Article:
Norway is getting safer. Not only the military balance will change, but also the geographical situation.
The Nordic region is now more capable militarily than it has been for centuries. And Russia is in a historically weak position. Norway was in an isolated position during the Cold War: we bordered two neutral nations, a threatening Soviet Union and the cold Atlantic Ocean. If a war had broken out, Norway would have had to independently hold the Soviet Union at bay while waiting for help. Ensuring that we actually received such aid would have made the task all the more difficult. We therefore invested vast resources to protect our country from military attack, both money and personnel, until the end of the Cold War.
When Putin’s Russia showed its true colors by annexing Crimea, Norway was again in that isolated position with Russia as a threatening neighbor. In fact, in some ways our situation was worse: the arrival of new technologies has made it more expensive than ever for a small nation to maintain an armed force with a wide range of capabilities. For periods of time, we were entirely without these necessary capabilities, such as surface-to-air missiles. A wide range of capabilities is important when you are geographically isolated and have no allied bases in your territory.
However, Sweden and Finland within NATO are transforming the new security situation into one that differs significantly from the Cold War scenario. We no longer need to look longingly across the ocean to the United States, and across the North Sea to Britain, for help. While the support of major NATO nations is always essential in an armed conflict, we now have significant capabilities ourselves. The Nordic countries have a large number of combat aircraft, the majority of which are so advanced that it is not certain that Russia will be able to shoot them down. While Russia has invested in 440 aircraft over the past decade, Norway, Finland and Denmark have 150 new F35s, and Sweden can boast around a few hundred older and recently upgraded aircraft. . This is proof of the very real military power of the Nordic countries. The Nordic countries also have a large number of infantry and tanks, especially Finland. Moreover, the Nordic countries would not be alone in the face of Russia. It would not be possible for Russia to focus only on attacking us as it was able to do with Ukraine, because Article V of NATO would mean that it would have to be ready to defend itself against attacks from the US. NATO from Poland, Turkey and the Baltic States, not only on land but also from the sea.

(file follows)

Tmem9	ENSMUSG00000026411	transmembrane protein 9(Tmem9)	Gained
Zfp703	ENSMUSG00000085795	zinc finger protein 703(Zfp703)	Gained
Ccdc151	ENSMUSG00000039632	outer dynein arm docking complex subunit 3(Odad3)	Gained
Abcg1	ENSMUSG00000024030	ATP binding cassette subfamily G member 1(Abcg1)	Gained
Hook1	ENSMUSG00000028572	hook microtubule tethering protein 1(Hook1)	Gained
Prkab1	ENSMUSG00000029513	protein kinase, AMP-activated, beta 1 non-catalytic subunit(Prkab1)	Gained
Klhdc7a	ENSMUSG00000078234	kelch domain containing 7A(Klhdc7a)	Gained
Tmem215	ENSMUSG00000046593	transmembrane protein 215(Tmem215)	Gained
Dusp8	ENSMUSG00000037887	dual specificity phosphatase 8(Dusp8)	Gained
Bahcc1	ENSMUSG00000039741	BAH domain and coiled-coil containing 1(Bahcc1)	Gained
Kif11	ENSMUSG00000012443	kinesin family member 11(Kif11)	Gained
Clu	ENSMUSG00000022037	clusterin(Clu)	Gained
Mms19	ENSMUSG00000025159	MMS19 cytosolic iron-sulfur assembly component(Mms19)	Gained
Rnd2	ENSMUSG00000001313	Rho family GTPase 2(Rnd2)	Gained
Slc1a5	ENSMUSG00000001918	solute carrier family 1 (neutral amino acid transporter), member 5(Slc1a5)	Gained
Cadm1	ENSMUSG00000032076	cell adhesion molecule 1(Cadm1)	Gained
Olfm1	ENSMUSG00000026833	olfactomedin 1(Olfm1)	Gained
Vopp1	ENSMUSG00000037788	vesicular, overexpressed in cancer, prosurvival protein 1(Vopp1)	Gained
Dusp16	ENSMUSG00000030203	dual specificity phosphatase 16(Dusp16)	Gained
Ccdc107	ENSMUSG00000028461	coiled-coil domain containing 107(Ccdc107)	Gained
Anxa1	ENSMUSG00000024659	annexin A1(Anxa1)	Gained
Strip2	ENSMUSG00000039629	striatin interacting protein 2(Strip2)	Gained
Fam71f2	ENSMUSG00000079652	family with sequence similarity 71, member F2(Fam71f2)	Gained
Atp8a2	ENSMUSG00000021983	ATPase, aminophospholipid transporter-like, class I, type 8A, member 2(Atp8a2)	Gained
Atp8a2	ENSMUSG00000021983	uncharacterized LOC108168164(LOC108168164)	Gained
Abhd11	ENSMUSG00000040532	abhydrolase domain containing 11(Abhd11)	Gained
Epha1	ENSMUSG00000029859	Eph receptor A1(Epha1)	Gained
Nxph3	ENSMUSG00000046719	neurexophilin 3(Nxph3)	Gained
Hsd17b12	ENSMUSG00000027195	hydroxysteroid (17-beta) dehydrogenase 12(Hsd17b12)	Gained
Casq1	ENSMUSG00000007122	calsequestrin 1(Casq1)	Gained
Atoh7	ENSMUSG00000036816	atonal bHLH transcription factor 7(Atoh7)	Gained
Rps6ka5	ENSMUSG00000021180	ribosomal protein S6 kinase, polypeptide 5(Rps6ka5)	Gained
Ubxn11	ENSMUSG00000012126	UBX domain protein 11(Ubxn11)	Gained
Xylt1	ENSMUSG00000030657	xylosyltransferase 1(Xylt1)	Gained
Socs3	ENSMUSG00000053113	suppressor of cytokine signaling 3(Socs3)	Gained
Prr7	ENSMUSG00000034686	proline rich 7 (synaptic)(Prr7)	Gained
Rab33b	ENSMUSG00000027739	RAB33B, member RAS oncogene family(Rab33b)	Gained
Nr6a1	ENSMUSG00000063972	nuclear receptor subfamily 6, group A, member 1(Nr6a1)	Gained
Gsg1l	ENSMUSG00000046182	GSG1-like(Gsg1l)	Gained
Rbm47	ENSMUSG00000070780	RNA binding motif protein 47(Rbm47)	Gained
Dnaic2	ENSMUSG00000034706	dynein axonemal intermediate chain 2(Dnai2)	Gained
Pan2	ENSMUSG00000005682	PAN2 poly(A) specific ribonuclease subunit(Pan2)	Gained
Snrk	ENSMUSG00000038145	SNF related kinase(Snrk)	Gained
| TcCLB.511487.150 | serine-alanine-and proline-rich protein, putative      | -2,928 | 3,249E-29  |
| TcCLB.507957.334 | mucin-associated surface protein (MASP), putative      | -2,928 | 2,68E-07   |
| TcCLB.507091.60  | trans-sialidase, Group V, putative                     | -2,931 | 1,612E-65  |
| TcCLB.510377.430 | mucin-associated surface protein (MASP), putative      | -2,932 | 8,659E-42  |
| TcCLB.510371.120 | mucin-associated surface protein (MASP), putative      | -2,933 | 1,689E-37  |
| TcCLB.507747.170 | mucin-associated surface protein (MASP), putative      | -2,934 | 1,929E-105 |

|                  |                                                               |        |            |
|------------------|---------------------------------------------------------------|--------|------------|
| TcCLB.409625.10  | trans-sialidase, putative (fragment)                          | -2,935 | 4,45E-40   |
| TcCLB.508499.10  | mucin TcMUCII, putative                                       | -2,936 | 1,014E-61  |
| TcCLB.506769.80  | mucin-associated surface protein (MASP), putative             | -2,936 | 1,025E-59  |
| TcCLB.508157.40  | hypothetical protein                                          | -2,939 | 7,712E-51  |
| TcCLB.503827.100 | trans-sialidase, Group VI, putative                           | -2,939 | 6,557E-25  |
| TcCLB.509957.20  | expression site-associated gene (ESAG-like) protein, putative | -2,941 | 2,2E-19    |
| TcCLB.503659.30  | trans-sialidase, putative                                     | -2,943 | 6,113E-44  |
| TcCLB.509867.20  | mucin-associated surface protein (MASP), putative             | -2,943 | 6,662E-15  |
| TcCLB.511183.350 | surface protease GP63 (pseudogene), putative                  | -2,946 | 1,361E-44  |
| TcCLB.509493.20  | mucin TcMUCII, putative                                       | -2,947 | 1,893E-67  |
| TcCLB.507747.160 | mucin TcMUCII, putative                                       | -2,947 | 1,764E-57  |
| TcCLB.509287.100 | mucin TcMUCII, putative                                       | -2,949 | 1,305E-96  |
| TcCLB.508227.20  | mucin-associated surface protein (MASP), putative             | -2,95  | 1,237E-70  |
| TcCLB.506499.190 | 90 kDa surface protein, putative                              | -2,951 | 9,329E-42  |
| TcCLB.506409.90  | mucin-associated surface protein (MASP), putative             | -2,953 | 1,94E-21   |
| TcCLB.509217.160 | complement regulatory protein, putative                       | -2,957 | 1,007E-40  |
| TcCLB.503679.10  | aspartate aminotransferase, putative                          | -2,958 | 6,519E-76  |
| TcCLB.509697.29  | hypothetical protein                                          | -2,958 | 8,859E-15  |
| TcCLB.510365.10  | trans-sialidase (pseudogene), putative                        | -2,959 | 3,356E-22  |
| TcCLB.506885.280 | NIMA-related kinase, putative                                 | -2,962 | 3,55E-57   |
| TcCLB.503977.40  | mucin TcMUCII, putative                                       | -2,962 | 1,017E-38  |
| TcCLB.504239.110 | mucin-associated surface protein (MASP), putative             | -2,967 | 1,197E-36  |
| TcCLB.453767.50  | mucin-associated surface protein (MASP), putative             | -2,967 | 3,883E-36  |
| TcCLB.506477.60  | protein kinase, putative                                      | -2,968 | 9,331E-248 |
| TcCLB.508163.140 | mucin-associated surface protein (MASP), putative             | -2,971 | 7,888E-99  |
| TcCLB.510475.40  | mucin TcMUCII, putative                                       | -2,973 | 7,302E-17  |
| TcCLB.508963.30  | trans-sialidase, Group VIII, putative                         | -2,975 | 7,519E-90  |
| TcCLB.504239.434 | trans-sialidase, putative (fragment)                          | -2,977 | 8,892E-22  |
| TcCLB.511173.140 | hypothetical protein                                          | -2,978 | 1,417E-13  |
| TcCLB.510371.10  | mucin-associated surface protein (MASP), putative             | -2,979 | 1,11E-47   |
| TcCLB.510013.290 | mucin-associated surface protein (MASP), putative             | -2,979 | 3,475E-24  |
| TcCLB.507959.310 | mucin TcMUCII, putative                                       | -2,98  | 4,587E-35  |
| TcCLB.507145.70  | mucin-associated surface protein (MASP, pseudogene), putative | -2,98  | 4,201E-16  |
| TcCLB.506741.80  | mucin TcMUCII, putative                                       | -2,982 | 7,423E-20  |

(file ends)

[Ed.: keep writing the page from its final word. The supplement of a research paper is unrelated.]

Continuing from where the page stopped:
At the same time, there are two reasons why we should reassess the threat posed by Russia. The first, and of lesser importance, is Russia’s nearly exhausted military potential. The brigade based in Murmansk, the one that Norway would face in the event of war, is practically wiped out. Russia has exhausted most of its precision-guided missile inventory. It’s possible they could produce replacements for lost gear and ammo, at least over time. Yet that would require finding replacements for Western technology they no longer have access to due to sanctions.